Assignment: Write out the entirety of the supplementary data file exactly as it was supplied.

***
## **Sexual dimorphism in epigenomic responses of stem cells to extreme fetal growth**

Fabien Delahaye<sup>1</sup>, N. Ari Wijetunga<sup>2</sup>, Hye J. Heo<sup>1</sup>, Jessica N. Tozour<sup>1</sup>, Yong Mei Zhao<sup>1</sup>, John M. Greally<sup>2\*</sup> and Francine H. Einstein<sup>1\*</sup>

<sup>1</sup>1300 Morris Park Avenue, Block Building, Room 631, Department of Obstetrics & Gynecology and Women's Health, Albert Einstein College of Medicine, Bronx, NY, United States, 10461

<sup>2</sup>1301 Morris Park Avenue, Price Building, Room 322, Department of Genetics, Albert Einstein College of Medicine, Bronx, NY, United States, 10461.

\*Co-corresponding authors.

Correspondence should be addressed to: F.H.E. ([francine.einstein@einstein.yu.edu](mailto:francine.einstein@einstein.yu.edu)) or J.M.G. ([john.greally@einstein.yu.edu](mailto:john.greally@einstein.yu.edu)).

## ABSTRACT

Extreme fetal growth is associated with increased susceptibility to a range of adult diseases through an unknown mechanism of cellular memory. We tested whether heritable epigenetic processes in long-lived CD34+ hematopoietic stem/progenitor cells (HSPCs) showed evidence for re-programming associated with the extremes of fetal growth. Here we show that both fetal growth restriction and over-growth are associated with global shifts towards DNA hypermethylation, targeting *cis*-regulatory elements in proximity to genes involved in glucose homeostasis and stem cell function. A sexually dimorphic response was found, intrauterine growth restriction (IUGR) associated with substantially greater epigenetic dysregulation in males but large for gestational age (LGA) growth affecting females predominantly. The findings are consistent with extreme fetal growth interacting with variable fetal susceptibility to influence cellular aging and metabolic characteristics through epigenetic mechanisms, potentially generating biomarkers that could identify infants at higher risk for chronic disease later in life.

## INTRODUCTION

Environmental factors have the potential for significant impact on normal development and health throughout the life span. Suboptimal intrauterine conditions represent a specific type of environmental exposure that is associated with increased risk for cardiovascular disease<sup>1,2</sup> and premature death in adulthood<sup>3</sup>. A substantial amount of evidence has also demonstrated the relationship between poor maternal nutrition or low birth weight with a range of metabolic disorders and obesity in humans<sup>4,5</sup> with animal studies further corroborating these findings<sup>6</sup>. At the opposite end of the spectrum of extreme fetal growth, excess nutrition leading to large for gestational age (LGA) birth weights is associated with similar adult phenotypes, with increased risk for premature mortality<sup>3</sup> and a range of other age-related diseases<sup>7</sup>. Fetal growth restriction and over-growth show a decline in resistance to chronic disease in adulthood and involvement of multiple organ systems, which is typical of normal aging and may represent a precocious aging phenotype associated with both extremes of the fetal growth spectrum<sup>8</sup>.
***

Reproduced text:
## **Sexual dimorphism in epigenomic responses of stem cells to extreme fetal growth**

Fabien Delahaye<sup>1</sup>, N. Ari Wijetunga<sup>2</sup>, Hye J. Heo<sup>1</sup>, Jessica N. Tozour<sup>1</sup>, Yong Mei Zhao<sup>1</sup>, John M. Greally<sup>2\*</sup> and Francine H. Einstein<sup>1\*</sup>

<sup>1</sup>1300 Morris Park Avenue, Block Building, Room 631, Department of Obstetrics & Gynecology and Women's Health, Albert Einstein College of Medicine, Bronx, NY, United States, 10461

<sup>2</sup>1301 Morris Park Avenue, Price Building, Room 322, Department of Genetics, Albert Einstein College of Medicine, Bronx, NY, United States, 10461.

\*Co-corresponding authors.

Correspondence should be addressed to: F.H.E. ([francine.einstein@einstein.yu.edu](mailto:francine.einstein@einstein.yu.edu)) or J.M.G. ([john.greally@einstein.yu.edu](mailto:john.greally@einstein.yu.edu)).

## ABSTRACT

Extreme fetal growth is associated with increased susceptibility to a range of adult diseases through an unknown mechanism of cellular memory. We tested whether heritable epigenetic processes in long-lived CD34+ hematopoietic stem/progenitor cells (HSPCs) showed evidence for re-programming associated with the extremes of fetal growth. Here we show that both fetal growth restriction and over-growth are associated with global shifts towards DNA hypermethylation, targeting *cis*-regulatory elements in proximity to genes involved in glucose homeostasis and stem cell function. A sexually dimorphic response was found, intrauterine growth restriction (IUGR) associated with substantially greater epigenetic dysregulation in males but large for gestational age (LGA) growth affecting females predominantly. The findings are consistent with extreme fetal growth interacting with variable fetal susceptibility to influence cellular aging and metabolic characteristics through epigenetic mechanisms, potentially generating biomarkers that could identify infants at higher risk for chronic disease later in life.

## INTRODUCTION

Environmental factors have the potential for significant impact on normal development and health throughout the life span. Suboptimal intrauterine conditions represent a specific type of environmental exposure that is associated with increased risk for cardiovascular disease<sup>1,2</sup> and premature death in adulthood<sup>3</sup>. A substantial amount of evidence has also demonstrated the relationship between poor maternal nutrition or low birth weight with a range of metabolic disorders and obesity in humans<sup>4,5</sup> with animal studies further corroborating these findings<sup>6</sup>. At the opposite end of the spectrum of extreme fetal growth, excess nutrition leading to large for gestational age (LGA) birth weights is associated with similar adult phenotypes, with increased risk for premature mortality<sup>3</sup> and a range of other age-related diseases<sup>7</sup>. Fetal growth restriction and over-growth show a decline in resistance to chronic disease in adulthood and involvement of multiple organ systems, which is typical of normal aging and may represent a precocious aging phenotype associated with both extremes of the fetal growth spectrum<sup>8</sup>.